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Business plan must for clean and green functioning of Bagmati River


A Chinese devotee named Manjushree, who had come to Kathmandu to pay homage to Swoyambhunath, is believed to have cut open a mountain gorge at Chobhar to drain out water from the huge lake covering the Kathmandu Valley which allowed civilisation to flourish. Since then, every ruling dynasty of the Kathmandu Valley seems to have understood the intrinsic interdependency on Bagmati River as civilisation flourished.

Baghdwar at Shivapuri hill,  where the Bagmati river begins, and various temples, monuments and shrines of Shiva and deities including Goakarneswar, Pashupatinath and Guheshwari complex; and numerous temples and monuments on the stretch between Shankmul and Thapathali to Teku reveal that the rulers have laid high priority on the river, substantiating close spiritual and cultural association between the waters of Bagmati river and the people here. Similarly, Bambikateshwar temple in Teku built in commemoration of the Kot Massacre at Hanuman Dhoka Durbar, believed to have been orchestrated by Janga Bahadur Rana, shows how an unprecedented legendary annihilation episode subdued in the waters of Bagmati. Besides cultural and religious practices being carried out by Hindus and Buddhists with the sacred water of Bagmati, the river and its tributaries were extensively utilised for people’s livelihood. Several stone spouts meant for drinking water and Rajkulos, as a prime source of water for irrigation, were all sourced from the streams and tributaries of Bagmati.

When the world entered the post-cold war era after the former USSR lost its socialist doctrine, the liberal market under the principle of the world as a global village prevailed in the economic policy documents of most countries including Nepal. Our old wisdom of keeping rivers sacred faded into oblivion with the passage of time mainly due to the open market policy which increased the use of consumer goods. The rapid growth in use of polybags and plastic packaging as a means of convenient conveyance, and population growth mainly due to the capital-centred political governance system made waste management a big problem. A World Bank study commissioned in 2013 ranked Kathmandu as the most rapidly growing city among other south Asian peers, with an average of 4% population growth annually. The import of poly-packed commodities, including food items, not only replaced locally produced and consumed food stuff like bitten rice and fire-roasted corn. Farming in fertile floodplains in Kathmandu lost its significance within a short span of time, turning riverside spaces into concrete jungles of extended urbanisation.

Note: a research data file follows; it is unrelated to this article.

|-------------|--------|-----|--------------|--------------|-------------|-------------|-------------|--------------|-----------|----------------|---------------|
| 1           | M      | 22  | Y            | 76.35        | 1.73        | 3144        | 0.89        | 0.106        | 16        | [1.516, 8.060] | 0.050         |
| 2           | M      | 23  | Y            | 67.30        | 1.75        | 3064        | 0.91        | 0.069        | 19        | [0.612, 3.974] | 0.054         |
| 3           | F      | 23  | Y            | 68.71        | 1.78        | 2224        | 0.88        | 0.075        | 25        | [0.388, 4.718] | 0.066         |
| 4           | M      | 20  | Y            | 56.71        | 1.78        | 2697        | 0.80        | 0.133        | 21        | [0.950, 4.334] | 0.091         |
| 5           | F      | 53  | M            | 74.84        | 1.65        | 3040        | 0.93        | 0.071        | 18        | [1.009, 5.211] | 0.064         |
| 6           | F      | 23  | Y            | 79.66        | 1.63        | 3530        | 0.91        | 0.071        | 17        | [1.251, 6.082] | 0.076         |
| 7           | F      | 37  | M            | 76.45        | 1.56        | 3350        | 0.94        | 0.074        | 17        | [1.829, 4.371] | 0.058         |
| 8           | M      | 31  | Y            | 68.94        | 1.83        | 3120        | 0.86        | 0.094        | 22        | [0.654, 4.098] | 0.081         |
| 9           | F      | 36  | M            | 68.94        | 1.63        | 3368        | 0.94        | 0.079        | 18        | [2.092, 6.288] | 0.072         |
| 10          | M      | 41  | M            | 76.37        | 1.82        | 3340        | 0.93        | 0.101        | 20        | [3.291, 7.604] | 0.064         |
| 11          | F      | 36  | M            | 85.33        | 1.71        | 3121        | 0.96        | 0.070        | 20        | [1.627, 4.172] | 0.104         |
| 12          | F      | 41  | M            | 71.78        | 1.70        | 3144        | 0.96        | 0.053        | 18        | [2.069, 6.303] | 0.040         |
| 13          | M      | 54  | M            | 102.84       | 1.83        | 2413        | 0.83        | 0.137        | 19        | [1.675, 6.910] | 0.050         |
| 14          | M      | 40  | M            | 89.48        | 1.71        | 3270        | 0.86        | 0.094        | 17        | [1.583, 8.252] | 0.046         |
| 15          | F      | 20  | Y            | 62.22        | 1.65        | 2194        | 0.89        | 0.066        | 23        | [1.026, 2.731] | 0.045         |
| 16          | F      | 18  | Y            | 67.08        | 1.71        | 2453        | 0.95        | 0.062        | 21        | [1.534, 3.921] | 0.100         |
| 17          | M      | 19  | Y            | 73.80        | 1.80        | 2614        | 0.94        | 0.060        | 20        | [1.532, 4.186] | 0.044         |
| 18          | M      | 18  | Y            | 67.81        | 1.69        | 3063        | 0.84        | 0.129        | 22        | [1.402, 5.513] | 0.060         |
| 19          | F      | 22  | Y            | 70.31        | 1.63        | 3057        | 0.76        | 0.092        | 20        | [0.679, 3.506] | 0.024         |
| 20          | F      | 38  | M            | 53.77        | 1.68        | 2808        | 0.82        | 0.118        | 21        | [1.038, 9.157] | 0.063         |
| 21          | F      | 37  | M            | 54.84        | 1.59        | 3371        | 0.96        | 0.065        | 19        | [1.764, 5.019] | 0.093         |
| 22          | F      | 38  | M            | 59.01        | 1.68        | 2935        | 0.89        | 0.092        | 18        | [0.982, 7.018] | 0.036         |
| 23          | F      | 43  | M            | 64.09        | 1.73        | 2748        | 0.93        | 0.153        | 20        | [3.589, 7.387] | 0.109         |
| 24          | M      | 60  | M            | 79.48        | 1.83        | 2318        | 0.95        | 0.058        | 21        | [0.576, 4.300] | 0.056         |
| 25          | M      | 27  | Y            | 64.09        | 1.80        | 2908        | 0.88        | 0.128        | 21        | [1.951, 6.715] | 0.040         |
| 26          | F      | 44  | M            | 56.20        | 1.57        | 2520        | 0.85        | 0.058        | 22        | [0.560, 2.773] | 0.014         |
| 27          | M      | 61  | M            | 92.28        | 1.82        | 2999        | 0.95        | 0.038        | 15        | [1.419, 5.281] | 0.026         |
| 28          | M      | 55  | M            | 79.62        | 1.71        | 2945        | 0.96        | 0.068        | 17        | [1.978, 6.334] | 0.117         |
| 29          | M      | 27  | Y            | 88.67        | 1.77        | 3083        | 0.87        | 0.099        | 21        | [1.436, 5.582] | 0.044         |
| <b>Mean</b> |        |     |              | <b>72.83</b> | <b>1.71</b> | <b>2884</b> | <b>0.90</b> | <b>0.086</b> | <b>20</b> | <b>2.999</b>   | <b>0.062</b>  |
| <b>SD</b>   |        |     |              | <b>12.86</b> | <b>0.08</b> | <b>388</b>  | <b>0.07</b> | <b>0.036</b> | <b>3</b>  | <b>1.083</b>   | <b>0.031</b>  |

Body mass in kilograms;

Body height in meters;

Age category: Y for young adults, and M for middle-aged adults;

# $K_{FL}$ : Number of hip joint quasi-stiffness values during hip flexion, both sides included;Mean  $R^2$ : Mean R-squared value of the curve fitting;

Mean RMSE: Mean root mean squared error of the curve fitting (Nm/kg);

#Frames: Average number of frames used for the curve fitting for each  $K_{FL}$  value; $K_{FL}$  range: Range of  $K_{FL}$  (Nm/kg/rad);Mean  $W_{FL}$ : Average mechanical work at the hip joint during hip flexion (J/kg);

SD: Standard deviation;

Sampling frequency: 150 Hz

Bagmati River, carrying the sacred and pristine water flowing from Shivapuri hill, soon converted into a sewage canal for households in downstream settlements. Gradually, denizens realised a significant alteration in their socio-economic linkage with Bagmati river: farming fields by the side of rivers were lost, stone spouts as source of drinking water were replaced by tapped and bottled water, and the river and its tributaries turned dead with extinction of almost all aquaculture habitat due to absence of a proper sewage management plan. The pristine water flowing above the shining sandbed of Bagmati cascading through green and lustrous paddy field terraces that was once a home of many seasonal birds and migratory fishes is now the thing of the past.

Bagmati Improvement Project